I think those opposed to the Iraq war did not understand that. Such anti-U.S. groups have only destructive power and no constructive power because they have no economic nor military resources to create a new international world system. The task then becomes to defeat them, but you can never win in the fight. Like crime, they can only be brought under some degree of control where you can live with it. For me, terror (artillery) is a means to implement a certain policy but is not an enemy per se.
In dealing with such groups, you have to carefully consider who the enemy is and who potential allies, however unpleasant, are. For example, the U.S. during the Cold War formed a de facto alliance with China, despite Mao's Cultural Revolution. The fight against al-Qaida will also take a lot of international effort, but the advantage is that since they do not have territorial control or vast economic resources, they cannot inflict a lot of damage.
Q: While the Alliance was an institutionalized organization with opportunities to coordinate common interests, how would it be possible to adjust mutual interests should the U.S. continue to use the coalition of the willing as a means to solve global issues?
A: To some extent the coalition of the willing has always existed. Even in NATO during the Cold War, it was well understood that some countries would not contribute troops. What is important is to have worked with your partners for years before, so that when you start a war, you know how to work together. Integrating interests is always the challenge because you need to compromise and sacrifice time to reach an effective consensus. The rearmament of former West Germany was finally agreed upon after years of back and forth among the European defense community. The way the allies can ensure that their voices are taken seriously is to make substantial contributions. It is just like in business.
Q: Do you reject the notion that a small group like al-Qaida could, through access to a weapon of mass destruction, inflict a great deal of damage?
A: It depends how you define a great deal. The damage would be great but not lethal on the level of an attack by the Soviet Union or a victorious Nazi Germany. If al-Qaida exploded an atomic bomb in the U.S., it would kill millions of Americans but the U.S. would continue to exist because countries can sustain such losses. People overestimate the casualties of a nuclear attack, but it depends on the deployment location and design.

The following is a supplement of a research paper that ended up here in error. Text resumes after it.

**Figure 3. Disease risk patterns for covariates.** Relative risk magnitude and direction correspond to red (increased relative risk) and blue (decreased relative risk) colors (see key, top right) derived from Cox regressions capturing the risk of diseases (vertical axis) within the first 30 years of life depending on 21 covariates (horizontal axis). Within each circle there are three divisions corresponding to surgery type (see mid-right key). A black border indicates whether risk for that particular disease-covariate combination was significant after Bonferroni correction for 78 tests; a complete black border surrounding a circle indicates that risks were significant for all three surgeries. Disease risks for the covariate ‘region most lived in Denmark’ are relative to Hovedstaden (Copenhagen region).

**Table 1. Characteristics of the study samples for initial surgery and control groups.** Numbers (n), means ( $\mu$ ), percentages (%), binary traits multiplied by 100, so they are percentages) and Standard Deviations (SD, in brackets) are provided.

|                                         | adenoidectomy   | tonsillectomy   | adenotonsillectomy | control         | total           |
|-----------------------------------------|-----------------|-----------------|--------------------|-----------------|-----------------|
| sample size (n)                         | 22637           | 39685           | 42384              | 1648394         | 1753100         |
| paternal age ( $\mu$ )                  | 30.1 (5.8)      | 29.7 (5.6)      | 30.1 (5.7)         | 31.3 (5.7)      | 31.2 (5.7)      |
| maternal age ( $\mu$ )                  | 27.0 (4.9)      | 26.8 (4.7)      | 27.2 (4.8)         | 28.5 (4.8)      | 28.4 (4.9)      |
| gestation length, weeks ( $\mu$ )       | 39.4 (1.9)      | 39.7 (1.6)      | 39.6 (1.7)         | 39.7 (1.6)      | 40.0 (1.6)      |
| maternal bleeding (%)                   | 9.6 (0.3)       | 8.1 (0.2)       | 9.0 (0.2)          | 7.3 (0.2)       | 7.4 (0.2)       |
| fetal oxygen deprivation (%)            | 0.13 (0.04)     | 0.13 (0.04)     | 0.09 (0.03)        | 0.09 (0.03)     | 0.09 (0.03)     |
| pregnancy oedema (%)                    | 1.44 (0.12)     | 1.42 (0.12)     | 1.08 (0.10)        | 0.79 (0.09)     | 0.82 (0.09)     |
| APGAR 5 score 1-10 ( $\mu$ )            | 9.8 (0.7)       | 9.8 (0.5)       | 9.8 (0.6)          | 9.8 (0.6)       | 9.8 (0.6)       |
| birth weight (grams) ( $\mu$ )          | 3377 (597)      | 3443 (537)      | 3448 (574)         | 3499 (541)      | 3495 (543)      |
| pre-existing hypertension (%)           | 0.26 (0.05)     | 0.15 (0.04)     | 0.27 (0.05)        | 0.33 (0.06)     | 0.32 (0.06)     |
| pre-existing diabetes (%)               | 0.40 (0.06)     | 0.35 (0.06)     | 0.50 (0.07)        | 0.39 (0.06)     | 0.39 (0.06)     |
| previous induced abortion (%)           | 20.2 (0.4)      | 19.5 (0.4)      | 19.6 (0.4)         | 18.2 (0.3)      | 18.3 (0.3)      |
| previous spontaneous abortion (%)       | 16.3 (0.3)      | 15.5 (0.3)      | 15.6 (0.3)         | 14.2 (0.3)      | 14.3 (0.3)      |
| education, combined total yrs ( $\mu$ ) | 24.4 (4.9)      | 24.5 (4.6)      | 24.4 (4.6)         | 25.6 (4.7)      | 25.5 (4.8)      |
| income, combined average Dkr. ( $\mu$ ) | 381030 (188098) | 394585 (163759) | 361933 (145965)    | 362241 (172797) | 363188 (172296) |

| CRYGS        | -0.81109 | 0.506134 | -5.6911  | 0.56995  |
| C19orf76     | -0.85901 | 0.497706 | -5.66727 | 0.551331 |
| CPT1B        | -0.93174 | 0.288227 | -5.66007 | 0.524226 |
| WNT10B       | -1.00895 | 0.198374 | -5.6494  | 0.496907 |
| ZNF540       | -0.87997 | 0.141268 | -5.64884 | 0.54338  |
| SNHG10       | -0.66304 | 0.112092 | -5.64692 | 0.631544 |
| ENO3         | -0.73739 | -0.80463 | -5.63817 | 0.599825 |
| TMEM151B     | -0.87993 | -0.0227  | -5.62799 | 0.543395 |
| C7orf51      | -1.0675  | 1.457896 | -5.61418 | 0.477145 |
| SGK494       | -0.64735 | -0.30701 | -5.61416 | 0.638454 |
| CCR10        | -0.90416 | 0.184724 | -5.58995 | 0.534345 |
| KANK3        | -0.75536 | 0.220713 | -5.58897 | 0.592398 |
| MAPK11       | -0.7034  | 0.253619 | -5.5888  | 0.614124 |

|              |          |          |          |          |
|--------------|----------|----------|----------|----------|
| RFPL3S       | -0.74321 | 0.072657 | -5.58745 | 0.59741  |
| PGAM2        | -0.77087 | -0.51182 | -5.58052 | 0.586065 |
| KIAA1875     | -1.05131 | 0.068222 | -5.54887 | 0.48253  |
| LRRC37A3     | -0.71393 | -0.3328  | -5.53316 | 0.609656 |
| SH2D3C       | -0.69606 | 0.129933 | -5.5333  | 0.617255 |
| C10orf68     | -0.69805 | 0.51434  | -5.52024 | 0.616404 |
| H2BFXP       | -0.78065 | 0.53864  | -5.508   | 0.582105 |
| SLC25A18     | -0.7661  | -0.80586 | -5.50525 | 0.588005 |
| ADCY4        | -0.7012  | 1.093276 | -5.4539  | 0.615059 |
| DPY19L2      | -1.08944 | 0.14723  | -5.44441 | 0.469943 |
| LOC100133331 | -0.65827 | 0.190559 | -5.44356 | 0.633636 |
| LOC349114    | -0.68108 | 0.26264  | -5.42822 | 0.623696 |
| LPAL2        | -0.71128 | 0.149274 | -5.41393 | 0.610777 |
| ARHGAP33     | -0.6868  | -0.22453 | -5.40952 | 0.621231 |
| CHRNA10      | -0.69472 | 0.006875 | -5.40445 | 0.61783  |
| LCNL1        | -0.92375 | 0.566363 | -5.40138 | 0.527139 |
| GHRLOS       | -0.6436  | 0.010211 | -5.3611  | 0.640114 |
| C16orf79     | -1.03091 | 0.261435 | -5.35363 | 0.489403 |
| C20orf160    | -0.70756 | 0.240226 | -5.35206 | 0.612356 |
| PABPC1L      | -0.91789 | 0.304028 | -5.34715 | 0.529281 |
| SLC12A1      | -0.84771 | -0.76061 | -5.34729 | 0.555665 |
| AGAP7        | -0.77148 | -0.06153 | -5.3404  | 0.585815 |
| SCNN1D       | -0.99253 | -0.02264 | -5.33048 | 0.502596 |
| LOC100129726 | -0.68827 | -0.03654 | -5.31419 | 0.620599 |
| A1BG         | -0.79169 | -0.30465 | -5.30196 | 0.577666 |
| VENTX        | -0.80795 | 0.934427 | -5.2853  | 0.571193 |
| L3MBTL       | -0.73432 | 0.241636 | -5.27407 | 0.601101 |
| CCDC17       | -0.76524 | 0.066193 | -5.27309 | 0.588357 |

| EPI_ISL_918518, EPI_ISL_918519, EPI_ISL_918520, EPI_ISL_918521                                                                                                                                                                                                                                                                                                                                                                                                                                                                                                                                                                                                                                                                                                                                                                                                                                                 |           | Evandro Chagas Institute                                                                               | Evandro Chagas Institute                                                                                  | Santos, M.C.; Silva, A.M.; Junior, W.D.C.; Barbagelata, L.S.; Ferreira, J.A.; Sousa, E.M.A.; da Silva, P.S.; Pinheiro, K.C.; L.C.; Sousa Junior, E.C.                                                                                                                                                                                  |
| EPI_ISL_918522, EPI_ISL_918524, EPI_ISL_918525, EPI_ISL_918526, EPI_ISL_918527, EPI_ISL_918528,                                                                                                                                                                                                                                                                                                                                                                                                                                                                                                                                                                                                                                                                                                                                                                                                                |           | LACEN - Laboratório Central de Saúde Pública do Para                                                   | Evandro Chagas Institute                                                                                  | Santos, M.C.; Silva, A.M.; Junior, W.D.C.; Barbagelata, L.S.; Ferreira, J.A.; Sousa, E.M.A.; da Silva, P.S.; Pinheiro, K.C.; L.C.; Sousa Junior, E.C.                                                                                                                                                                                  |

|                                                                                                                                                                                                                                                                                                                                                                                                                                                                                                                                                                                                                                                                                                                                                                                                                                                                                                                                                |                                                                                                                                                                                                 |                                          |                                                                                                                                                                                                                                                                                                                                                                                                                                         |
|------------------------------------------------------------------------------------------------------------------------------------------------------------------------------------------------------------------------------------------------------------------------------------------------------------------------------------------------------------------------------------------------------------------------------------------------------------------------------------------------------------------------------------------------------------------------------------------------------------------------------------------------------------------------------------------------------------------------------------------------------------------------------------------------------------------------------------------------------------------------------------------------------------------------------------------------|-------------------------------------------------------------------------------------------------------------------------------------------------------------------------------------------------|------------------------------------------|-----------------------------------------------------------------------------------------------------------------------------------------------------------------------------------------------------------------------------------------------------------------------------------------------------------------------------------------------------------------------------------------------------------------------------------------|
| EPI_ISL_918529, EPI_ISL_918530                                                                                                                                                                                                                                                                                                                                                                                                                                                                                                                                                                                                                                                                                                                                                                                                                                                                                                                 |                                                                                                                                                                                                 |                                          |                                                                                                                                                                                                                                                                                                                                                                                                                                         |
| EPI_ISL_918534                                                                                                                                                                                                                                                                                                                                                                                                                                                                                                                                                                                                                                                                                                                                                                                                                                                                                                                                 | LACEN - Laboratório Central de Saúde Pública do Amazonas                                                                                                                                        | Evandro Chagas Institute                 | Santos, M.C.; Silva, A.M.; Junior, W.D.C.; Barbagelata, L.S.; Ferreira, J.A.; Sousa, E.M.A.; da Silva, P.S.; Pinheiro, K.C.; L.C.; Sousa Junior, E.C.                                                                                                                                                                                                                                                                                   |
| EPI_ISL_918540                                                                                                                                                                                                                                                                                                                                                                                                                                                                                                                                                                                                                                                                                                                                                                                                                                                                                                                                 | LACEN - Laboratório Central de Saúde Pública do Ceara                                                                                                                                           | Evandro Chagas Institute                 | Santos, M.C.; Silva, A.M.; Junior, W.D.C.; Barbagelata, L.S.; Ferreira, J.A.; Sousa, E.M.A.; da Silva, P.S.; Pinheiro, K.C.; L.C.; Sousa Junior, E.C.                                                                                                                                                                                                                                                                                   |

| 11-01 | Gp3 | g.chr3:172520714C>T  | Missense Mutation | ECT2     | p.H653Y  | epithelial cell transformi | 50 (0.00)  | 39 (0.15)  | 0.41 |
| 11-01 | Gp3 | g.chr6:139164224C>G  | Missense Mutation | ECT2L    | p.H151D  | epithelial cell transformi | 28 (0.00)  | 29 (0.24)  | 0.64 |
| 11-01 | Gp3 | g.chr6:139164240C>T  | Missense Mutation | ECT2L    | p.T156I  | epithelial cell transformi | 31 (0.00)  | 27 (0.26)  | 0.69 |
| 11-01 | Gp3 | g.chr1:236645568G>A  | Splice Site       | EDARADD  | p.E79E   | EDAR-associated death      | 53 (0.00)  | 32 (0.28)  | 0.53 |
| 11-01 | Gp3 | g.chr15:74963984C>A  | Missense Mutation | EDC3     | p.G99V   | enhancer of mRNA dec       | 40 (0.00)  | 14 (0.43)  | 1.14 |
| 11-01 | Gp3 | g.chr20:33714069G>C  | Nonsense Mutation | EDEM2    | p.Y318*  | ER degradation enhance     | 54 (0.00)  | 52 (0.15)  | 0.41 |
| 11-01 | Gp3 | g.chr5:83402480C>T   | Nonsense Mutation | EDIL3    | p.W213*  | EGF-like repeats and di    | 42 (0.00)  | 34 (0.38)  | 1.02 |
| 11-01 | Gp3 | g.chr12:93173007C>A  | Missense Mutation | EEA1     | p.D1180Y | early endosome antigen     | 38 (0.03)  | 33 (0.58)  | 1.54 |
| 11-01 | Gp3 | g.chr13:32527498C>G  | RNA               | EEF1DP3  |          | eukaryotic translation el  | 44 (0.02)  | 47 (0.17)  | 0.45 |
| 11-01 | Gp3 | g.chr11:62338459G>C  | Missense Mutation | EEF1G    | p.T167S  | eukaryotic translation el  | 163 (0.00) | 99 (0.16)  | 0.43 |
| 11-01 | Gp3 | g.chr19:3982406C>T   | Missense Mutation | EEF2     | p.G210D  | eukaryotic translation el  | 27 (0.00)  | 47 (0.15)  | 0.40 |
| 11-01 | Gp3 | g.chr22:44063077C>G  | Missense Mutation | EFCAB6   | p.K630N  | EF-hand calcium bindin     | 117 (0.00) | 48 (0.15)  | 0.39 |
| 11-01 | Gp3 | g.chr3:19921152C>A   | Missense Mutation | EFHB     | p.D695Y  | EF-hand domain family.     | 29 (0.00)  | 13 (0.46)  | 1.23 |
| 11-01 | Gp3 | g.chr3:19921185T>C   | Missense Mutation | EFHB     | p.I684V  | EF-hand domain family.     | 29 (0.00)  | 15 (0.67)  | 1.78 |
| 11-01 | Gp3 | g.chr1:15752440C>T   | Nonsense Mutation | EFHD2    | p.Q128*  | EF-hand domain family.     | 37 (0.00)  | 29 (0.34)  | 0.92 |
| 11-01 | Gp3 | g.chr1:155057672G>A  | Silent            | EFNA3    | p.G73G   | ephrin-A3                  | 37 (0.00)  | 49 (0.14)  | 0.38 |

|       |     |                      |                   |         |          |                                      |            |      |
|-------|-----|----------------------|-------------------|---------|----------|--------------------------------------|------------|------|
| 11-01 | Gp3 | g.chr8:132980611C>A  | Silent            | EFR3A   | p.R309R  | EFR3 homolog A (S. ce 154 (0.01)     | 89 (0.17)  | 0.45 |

Q: What about destroying New York and Washington, the two centers of economic and political power?
A: It would be traumatic, but you have to recognize that not all economic activity centers on Manhattan. Most organizations have backup systems so that records would survive. I would be more afraid of reaction in the U.S., such as racially-instigated arrests.
Q: Could you briefly comment on the Japanese role in this Empire?
A: Japan's role is very important because it is one of the largest economies in the Empire, and also militarily it houses critical infrastructure for potential conflict and contributes to peacekeeping operations, thus increasing legitimacy. The U.S. presence in East Asia has made it easier for Japan to reestablish good relations with the rest of Asia, such as with Korea, and having good relations among the allies has a positive impact on the U.S. Empire. It is because Japan is a pillar of U.S. relations in Asia that the U.S. has managed to become an Empire stretching over the Atlantic as well as the Pacific.
Q: How do you view the situation of the Empire once China becomes much bigger?
A: There is a lot of talk about China and it becoming a democracy, but I do not think that China is on the path to becoming a great power. It is still not a state based on the rule of law in terms of property rights and a non-corrupt bureaucracy. It is undergoing transition but faces enormous social and political obstacles to its stability aggravated by the country's size. Furthermore, it faces a catastrophic demographic situation of growing old before becoming rich, compared to other industrialized nations. It will remain significant in the world economy and the manufacturing industry, but I do not think it will surpass Japan. The obstacles to building a country based on the rule of law are too great, so I think the equation in East Asia will not change greatly in 30 years.
*This summary was compiled by RIETI Editorial staff.